Oct. 22 2010 12:00 AM

Lansing is central to a new Detroit hardcore history book

    Freelance music
    writer Tony Rettman was a kid in suburban New Jersey when hardcore punk hit in
    the early ‘80s. His older brother was a college radio program director who
    brought home the freshest singles from then-new imprints, like Dischord, SST
    and, of course, Touch and Go.

    “Being 11 or 12, I
    really connected with Touch and Go records more than the others,” Rettman said
    during a phone interview from his home in New York. “The guys weren’t that much
    older than I was, and I thought that was pretty cool. There were kids in high
    school putting out records and touring the country.”

    It didn’t hurt that
    the Lansing-born punk label had its own propaganda machinery in the fanzine of
    the same name, full of sophomoric humor and sardonic prose by Tesco Vee and
    “D.S.” Dave Stimson.

    “Probably I liked
    that because it was super-juvenile and right on my level,” Rettman said.
    "At that time, I was learning about the...”— he laughed — “male reproductive system. I don’t know. It
    was so juvenile and well-written and had a lot of cool bands in it.”

    The fact that a kid
    from New Jersey, with no connections to Detroit or Lansing, spent a good chunk
    of his high school years and, later, college student loan money tracking down
    bootlegs of obscure 7-inch records from this neck of the woods says plenty
    about the impact this music had, despite being basically overlooked by the
    recent stream of American punk histories documenting the “important” bands of
    the era.

    That is until now.
    Last summer, Revelation Records issued Rettman’s first book, “Why Be Something
    That You’re Not: Detroit Hardcore 1979–1985,” a quick-hitting oral history of
    the regional hardcore punk scene that flares up and burns out about as quickly
    as the bands it documents. If for nothing else, die-hard fans and casual music
    historians should pick this up for the 80 pages of discography, venue and show
    history, and photo and flyer gallery that close out the book.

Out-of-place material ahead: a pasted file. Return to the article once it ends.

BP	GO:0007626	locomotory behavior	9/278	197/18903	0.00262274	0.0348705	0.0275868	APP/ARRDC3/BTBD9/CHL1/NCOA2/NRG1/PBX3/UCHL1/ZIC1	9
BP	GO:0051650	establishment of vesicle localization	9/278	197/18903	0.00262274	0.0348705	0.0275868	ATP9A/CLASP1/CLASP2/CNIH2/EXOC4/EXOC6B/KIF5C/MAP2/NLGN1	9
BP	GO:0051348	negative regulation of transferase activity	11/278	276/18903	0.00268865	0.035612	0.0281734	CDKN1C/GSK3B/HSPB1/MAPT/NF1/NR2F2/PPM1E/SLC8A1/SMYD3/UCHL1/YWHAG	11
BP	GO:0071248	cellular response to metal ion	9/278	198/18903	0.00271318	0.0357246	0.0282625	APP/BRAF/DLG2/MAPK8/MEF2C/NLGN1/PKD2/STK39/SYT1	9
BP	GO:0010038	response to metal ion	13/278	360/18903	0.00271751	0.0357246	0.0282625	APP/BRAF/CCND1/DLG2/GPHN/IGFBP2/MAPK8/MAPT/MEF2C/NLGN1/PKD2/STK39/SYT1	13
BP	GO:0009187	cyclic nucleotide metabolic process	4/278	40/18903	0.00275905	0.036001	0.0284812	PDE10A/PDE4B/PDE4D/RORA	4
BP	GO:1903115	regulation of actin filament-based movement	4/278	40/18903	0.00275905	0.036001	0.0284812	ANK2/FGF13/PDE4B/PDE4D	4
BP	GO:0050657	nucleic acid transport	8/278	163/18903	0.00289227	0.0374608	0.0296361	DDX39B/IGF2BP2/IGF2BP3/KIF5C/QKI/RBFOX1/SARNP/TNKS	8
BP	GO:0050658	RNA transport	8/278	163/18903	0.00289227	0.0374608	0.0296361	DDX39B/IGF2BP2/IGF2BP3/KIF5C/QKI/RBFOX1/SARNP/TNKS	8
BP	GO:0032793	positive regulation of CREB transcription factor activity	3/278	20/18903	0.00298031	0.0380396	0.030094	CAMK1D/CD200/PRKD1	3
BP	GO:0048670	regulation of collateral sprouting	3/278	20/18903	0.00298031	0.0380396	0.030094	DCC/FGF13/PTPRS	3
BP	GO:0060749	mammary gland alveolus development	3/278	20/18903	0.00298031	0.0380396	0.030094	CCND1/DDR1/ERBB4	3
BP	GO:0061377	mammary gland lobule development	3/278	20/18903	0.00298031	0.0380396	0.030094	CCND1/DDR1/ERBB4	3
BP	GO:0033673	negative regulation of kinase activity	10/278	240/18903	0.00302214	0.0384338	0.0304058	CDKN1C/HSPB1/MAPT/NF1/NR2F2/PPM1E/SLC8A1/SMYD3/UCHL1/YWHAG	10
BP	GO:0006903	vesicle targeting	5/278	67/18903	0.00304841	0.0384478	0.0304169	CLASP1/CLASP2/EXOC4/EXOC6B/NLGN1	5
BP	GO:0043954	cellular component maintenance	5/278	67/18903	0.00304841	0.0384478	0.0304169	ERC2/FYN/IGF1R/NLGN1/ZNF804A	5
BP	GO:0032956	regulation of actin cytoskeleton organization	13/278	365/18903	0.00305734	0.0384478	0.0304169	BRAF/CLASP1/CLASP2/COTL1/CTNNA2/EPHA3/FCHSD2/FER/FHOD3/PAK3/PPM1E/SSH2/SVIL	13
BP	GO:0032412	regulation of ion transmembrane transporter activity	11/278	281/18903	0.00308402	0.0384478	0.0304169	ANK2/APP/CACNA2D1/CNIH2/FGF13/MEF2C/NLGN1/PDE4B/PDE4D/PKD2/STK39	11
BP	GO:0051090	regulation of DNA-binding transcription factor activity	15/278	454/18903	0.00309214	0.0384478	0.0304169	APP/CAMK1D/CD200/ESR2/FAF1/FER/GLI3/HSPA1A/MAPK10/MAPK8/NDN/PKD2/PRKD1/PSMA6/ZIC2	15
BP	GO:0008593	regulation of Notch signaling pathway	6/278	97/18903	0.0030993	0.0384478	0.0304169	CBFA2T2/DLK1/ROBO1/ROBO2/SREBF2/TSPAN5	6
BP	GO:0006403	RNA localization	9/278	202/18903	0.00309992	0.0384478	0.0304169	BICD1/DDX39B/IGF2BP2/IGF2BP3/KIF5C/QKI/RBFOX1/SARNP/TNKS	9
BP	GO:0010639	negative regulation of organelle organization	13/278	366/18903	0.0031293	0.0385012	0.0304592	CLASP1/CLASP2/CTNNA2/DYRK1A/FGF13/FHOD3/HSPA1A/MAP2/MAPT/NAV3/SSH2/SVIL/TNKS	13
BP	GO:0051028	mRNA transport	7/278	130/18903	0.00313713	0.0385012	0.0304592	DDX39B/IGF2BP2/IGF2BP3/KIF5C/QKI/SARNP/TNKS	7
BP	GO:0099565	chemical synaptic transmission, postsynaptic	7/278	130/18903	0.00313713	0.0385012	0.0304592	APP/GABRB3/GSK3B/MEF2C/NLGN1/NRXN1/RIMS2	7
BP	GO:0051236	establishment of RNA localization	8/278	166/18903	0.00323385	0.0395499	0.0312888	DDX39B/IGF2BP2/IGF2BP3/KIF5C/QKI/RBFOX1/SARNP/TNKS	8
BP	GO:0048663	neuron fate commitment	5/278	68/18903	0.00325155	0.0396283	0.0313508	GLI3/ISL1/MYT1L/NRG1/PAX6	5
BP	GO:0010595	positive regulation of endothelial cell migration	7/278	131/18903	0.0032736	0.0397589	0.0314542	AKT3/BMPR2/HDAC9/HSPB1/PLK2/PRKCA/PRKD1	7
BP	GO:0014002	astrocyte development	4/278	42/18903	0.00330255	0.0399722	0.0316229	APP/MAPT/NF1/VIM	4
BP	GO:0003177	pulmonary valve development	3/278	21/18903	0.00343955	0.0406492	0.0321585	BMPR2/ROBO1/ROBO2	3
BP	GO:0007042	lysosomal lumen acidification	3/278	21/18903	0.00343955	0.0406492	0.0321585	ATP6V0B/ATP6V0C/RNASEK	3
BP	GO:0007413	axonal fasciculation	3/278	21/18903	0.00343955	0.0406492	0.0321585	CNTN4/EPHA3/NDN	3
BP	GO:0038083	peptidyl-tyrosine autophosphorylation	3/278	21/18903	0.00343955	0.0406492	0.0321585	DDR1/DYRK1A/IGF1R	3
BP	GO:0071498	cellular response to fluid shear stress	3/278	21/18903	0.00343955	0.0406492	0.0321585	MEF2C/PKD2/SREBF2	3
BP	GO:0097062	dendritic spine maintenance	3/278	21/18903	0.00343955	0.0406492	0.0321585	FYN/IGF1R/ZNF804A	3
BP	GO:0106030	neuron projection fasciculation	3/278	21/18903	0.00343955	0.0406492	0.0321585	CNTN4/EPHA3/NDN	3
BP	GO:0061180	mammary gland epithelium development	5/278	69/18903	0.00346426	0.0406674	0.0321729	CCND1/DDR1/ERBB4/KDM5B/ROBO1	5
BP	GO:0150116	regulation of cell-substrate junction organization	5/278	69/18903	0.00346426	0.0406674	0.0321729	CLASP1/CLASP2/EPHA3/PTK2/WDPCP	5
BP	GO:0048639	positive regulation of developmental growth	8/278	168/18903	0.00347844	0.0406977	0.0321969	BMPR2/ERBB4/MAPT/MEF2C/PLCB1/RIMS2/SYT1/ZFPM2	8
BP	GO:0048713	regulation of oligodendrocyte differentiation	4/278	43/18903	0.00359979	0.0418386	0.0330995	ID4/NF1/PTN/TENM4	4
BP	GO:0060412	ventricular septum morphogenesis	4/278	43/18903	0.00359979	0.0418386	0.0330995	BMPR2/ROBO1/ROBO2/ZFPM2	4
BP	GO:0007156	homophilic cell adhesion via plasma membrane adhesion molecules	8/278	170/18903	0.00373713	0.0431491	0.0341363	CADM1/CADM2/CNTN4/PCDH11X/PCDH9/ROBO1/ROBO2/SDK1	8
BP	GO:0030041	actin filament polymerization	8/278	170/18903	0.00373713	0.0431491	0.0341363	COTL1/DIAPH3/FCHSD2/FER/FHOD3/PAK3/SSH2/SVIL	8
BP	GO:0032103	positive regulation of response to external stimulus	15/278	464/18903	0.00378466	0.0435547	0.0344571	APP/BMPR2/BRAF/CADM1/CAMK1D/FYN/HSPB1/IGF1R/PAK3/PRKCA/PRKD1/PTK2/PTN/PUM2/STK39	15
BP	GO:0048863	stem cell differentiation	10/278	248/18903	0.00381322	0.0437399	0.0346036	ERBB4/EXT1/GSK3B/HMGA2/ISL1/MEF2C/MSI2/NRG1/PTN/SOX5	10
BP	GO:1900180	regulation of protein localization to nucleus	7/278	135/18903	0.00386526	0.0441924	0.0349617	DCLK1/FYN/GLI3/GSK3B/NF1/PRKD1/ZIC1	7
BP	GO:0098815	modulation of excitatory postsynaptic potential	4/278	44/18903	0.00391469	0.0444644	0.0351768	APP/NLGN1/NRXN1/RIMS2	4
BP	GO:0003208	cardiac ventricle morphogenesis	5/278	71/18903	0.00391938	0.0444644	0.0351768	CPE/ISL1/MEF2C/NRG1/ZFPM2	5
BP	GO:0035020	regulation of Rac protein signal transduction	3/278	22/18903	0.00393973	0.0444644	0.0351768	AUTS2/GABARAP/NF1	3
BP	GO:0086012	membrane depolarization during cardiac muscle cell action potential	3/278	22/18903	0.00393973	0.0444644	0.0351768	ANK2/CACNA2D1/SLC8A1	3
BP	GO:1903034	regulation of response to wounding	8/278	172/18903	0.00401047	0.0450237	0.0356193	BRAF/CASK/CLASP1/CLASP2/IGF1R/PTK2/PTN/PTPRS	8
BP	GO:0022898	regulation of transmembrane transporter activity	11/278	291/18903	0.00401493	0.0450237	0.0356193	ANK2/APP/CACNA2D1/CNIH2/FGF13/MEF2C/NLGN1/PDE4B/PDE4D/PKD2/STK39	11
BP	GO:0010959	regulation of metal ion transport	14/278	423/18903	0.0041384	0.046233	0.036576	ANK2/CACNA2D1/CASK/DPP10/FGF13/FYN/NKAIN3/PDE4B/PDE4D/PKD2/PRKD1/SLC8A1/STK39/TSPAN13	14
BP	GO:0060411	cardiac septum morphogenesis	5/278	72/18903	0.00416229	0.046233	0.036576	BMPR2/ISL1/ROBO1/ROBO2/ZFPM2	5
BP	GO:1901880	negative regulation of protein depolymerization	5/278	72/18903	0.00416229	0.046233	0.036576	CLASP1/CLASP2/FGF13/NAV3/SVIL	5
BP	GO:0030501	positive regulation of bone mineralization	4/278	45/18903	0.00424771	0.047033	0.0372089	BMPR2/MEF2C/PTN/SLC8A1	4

A no-brainer
    companion to the recently released “Touch and Go” fanzine anthology, “Why Be
    Something That You’re Not” tells the story of how a census worker and a school
    teacher from Lansing, high school skaters from Toledo and Detroit, and a few
    rogue, college-age groups from Lansing and Kalamazoo booked their own tours,
    staged mind-blowing hometown gigs featuring the biggest bands in hardcore and
    recorded some of the most aggressive, honest music of an era, from the “Process
    of Elimination” compilation EP to unheard demos by Detroit’s Bored Youth.

    To do this, Rettman
    compiled interviews with the usual suspects of the “Detroit” scene — John
    Brannon (Negative Approach), Tesco Vee (Touch and Go, The Meatment), Steve
    Shelley (The Crucifucks), Steve Miller (The Fix), Barry Henssler (The Necros),
    Kenny Knott (Violent Apathy) — as well as plenty of lesser-known players and
    supporters, and sewed it together with his own deft, succinct segues.

    Considering the
    hours of tape Rettman retrieved from interivews, the book’s brevity and
    matter-of-fact tone is a feat in itself — no doubt a nod to the raging,
    minute-long songs and Midwestern workman’s attitude that inspired it.

    “If you get
    anything, it’s that it was this brief golden moment that sort of got tired. By
    the time 1983 happens, you burned out on ‘1-2-3-4,1-2-3-4!’ I just wanted to
    work in these broad strokes and get the story out in the same way it happened.”

    A couple of glaring
    omissions from the book are the voices of Necros bassist Corey Rusk, who
    eventually took over the label side of Touch and Go and continues to run it
    today, and Crucifucks vocalist and local troublemaker Doc Dart. For the former,
    it wasn’t for lack of trying, but the same can’t be said for the latter.
    Rettman said he decided not to contact Dart after reading a 2009 Vice Magazine
    interview with the notorious Okemos resident and former frontman of The
    Crucifucks, opting to talk with Shelley, who took up drums for godhead
    underground rock group Sonic Youth shortly after splitting from the Crucifucks
    in the ‘80s.

    As with any scene,
    if not more so, punks have their pissing matches — in this case, an
    entertaining hatefest between The Fix’s Steve Miller and Necros’ Barry

    “It’s really
    mind-blowing that over 30 years or something that these guys still hold
    grudges, but at the other end, it’s really entertaining and people seem to
    respond to it and think it’s really funny.”

    On his visit first
    visit to Michigan, Rettman checked out historical sites first-hand, visiting
    the spaces that housed venues like The Freezer Theater, The Club House and City
    Club in Detroit. In Lansing, Vee and Miller took him to the former Club Doobie,
    in Haslett, today the Watershed Tavern and Grill. 

    “They were pointing
    and saying, ‘That’s where Black Flag set up there. People were slam dancing
    here,” Rettman said. “They told me how they saw Lydia Lunch, Screaming Urge,
    all these weird, obscure bands. Today, it’s kind of a karaoke bar. That was
    kind of bizarre.”

    In Kalamazoo, the
    Violent Apathy guys showed him where they would host touring acts like Black
    Flag, Minor Threat and the Circle Jerks.

    “I grew up in New
    Jersey, where it’s not necessarily a cultural mecca, but you’re close enough to
    New York and Philadelphia,” Rettman said. “It was cool to see these guys were
    going it on their own and doing it for themselves in these little towns.”

    "Why Be Something
    That You’re Not: Detroit Hardcore 1979-1985"

    By Tony Rettman

    239 Pages

    Revelation Records